As a word of warning, the ideas presented here often inexorably lead to conclusions that deviate substantially from the accepted orthodoxy in the United States and much of the western world, but hopefully by that point those conclusions will be inescapable to the reader, because they won’t be spelled out so much as to get me strapped to today’s version of the rack. And, just in case this book is actually completed, read or even sells, I’ve used a pseudonym.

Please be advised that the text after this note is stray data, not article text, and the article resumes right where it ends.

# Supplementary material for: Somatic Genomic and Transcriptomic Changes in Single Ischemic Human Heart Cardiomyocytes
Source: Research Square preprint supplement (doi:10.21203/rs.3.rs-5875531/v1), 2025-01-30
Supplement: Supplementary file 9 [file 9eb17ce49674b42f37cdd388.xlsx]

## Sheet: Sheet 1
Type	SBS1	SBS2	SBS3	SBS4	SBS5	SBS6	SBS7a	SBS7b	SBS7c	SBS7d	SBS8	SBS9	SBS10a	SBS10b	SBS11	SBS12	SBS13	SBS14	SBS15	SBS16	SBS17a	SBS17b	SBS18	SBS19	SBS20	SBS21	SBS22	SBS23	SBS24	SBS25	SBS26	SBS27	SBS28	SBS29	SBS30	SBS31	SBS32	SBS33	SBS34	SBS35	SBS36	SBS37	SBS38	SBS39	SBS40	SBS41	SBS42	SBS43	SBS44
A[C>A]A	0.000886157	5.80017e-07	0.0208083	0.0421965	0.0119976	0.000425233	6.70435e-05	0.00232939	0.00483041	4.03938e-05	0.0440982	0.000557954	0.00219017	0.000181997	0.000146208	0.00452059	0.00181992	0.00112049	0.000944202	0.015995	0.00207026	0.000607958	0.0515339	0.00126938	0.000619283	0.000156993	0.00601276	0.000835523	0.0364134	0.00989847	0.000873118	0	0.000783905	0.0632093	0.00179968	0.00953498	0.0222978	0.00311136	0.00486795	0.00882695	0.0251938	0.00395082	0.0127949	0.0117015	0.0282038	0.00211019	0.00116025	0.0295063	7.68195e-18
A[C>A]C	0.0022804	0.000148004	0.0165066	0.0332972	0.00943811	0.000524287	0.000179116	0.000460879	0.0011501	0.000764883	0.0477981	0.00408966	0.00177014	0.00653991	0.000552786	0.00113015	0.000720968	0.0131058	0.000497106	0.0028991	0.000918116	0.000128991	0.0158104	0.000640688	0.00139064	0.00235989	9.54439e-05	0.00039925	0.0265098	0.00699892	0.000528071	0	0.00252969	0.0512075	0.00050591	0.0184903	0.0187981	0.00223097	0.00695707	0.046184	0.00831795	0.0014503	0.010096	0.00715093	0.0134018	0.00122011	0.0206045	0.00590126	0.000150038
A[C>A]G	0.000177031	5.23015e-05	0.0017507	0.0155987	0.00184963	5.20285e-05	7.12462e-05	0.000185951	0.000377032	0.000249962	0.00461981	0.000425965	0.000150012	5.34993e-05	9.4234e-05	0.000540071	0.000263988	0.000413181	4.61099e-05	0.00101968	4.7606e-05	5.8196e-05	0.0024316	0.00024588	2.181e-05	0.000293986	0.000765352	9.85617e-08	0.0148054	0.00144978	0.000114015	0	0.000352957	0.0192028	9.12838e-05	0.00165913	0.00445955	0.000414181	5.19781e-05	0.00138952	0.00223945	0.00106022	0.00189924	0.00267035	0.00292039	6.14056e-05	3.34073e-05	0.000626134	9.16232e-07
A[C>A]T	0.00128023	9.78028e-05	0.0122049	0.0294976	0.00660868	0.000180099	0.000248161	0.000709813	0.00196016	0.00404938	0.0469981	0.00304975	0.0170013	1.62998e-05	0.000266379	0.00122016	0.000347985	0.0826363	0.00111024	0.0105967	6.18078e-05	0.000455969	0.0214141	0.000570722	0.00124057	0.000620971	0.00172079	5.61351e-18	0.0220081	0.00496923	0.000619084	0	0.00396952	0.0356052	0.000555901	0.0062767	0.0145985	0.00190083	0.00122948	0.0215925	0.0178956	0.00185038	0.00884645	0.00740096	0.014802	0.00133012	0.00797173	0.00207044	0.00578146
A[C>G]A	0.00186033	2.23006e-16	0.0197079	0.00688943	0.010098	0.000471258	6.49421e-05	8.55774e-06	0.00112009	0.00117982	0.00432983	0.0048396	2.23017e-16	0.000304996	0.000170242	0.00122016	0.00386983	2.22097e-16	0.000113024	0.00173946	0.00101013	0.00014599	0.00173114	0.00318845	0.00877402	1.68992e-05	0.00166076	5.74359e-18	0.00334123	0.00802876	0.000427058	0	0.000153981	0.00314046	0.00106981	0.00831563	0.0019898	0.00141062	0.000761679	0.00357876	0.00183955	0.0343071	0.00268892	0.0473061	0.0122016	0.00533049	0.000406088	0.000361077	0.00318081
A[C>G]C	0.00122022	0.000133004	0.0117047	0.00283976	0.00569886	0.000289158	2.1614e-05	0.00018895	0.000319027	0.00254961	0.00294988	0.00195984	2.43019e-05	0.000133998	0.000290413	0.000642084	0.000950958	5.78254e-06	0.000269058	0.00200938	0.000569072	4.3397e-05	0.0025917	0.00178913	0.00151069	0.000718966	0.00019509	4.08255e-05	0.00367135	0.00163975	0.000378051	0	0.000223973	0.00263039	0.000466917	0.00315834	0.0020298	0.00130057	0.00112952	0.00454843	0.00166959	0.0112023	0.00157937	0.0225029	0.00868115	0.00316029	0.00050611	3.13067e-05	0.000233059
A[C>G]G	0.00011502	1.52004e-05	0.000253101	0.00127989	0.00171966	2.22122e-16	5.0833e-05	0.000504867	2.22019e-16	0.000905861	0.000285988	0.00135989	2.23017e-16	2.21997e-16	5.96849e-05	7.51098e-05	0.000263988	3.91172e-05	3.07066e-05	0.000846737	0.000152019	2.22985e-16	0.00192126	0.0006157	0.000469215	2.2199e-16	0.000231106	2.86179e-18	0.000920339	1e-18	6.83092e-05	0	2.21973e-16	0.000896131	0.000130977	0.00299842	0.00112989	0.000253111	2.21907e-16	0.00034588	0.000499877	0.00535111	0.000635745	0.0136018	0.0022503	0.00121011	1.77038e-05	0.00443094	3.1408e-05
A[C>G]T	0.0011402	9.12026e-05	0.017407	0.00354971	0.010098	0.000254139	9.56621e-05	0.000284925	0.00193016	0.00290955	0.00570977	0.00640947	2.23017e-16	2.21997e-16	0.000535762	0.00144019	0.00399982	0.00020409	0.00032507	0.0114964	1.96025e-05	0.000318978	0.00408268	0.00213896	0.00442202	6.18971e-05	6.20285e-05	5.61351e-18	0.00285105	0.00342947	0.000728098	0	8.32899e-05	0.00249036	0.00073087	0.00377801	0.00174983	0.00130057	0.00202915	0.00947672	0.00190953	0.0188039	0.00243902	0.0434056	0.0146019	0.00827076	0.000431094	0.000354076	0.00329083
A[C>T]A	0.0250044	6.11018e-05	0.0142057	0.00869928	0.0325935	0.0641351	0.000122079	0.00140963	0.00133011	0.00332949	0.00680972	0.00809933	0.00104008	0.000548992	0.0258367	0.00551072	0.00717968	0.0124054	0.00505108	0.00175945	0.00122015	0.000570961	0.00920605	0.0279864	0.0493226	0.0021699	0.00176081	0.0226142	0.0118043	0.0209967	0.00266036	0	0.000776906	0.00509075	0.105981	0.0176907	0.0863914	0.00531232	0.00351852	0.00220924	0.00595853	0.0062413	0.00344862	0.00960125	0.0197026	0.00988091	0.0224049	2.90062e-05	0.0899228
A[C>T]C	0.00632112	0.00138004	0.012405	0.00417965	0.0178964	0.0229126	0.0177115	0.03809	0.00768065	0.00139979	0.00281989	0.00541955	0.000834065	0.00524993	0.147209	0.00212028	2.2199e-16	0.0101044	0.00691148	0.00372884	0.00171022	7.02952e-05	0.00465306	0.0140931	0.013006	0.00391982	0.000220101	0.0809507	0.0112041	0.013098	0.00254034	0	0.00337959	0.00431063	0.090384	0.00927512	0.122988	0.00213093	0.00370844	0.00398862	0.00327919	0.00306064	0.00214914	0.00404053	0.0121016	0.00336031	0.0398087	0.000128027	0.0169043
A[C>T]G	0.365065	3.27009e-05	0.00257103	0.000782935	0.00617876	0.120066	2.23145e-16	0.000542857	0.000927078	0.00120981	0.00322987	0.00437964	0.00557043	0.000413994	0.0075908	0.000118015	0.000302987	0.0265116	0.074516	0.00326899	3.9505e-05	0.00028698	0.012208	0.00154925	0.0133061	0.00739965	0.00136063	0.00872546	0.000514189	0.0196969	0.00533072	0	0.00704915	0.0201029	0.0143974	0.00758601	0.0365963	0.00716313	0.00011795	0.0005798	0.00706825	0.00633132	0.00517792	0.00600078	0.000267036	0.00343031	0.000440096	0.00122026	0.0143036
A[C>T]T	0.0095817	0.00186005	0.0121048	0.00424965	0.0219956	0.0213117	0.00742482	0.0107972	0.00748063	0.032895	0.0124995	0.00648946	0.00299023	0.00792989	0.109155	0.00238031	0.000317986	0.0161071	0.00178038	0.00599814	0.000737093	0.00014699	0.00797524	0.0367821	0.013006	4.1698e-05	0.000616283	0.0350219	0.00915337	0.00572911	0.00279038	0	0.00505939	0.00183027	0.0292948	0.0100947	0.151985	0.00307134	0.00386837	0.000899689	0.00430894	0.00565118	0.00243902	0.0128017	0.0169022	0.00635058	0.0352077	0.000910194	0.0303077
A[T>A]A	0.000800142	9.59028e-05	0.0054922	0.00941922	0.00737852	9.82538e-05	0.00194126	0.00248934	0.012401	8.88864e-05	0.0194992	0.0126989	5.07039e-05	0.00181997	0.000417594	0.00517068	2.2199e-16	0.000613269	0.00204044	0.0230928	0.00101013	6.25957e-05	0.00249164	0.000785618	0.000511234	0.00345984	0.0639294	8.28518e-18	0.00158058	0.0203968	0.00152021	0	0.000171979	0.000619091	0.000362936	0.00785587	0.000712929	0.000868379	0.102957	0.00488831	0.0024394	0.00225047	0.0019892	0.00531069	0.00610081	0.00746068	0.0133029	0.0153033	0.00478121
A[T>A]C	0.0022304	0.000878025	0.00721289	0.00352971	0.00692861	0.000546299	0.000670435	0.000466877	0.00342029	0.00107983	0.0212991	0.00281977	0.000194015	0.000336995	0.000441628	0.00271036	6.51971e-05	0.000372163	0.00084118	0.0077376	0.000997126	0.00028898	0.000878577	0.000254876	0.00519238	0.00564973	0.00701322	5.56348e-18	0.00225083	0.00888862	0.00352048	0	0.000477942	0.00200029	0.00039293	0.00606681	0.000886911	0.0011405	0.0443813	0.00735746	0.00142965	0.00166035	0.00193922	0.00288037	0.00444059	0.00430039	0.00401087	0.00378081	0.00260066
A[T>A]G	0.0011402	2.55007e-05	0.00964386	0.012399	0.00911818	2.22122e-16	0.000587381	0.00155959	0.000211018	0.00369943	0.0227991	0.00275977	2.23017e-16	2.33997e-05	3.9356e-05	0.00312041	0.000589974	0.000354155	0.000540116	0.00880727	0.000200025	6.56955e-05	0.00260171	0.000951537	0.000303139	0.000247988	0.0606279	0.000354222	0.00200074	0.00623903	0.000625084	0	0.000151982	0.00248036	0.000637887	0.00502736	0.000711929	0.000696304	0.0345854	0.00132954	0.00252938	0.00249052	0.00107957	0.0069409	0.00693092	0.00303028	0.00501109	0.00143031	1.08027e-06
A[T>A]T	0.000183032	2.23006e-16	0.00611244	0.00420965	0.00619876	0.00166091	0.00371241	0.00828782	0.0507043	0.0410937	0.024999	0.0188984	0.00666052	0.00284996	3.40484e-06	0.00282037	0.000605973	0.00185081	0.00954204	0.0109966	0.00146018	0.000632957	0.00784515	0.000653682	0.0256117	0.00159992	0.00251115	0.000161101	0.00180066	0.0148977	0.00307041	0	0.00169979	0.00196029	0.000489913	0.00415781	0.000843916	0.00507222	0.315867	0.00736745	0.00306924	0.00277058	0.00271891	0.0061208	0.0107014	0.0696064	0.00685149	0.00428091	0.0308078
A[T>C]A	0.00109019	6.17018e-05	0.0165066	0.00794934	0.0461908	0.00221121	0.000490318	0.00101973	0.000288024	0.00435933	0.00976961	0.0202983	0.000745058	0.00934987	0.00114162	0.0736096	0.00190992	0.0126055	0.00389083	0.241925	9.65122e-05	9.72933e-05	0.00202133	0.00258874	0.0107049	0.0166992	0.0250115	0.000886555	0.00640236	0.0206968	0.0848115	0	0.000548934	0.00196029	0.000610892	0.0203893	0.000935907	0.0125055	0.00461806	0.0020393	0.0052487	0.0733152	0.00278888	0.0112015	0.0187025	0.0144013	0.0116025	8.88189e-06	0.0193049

Consider this: A well known philosophical concept is “Occam’s Razor”. This theory states that if there are two conflicting theories for why something ‘is’, the simpler theory is most likely correct. If William of Occam were alive today, which fortunately for him he is not, having lived in the late 13th and early 14th centuries, he would be considered a racist, transphobic, a heretic, and much more, and he would be “canceled”. And for those of you who can relate this particular concept to many of the problems in the world today, you’ll see why even mentioning William of Occam in this context might be problematic for the author.